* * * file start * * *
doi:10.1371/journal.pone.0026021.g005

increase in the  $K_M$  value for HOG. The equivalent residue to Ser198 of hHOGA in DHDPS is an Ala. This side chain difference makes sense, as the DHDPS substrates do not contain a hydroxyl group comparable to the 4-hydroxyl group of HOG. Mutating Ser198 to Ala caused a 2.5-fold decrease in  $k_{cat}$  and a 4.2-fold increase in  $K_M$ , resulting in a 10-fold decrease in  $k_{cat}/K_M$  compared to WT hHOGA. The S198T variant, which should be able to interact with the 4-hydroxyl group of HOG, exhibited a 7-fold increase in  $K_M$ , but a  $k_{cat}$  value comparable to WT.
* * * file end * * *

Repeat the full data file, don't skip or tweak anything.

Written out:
doi:10.1371/journal.pone.0026021.g005

increase in the  $K_M$  value for HOG. The equivalent residue to Ser198 of hHOGA in DHDPS is an Ala. This side chain difference makes sense, as the DHDPS substrates do not contain a hydroxyl group comparable to the 4-hydroxyl group of HOG. Mutating Ser198 to Ala caused a 2.5-fold decrease in  $k_{cat}$  and a 4.2-fold increase in  $K_M$ , resulting in a 10-fold decrease in  $k_{cat}/K_M$  compared to WT hHOGA. The S198T variant, which should be able to interact with the 4-hydroxyl group of HOG, exhibited a 7-fold increase in  $K_M$ , but a  $k_{cat}$  value comparable to WT.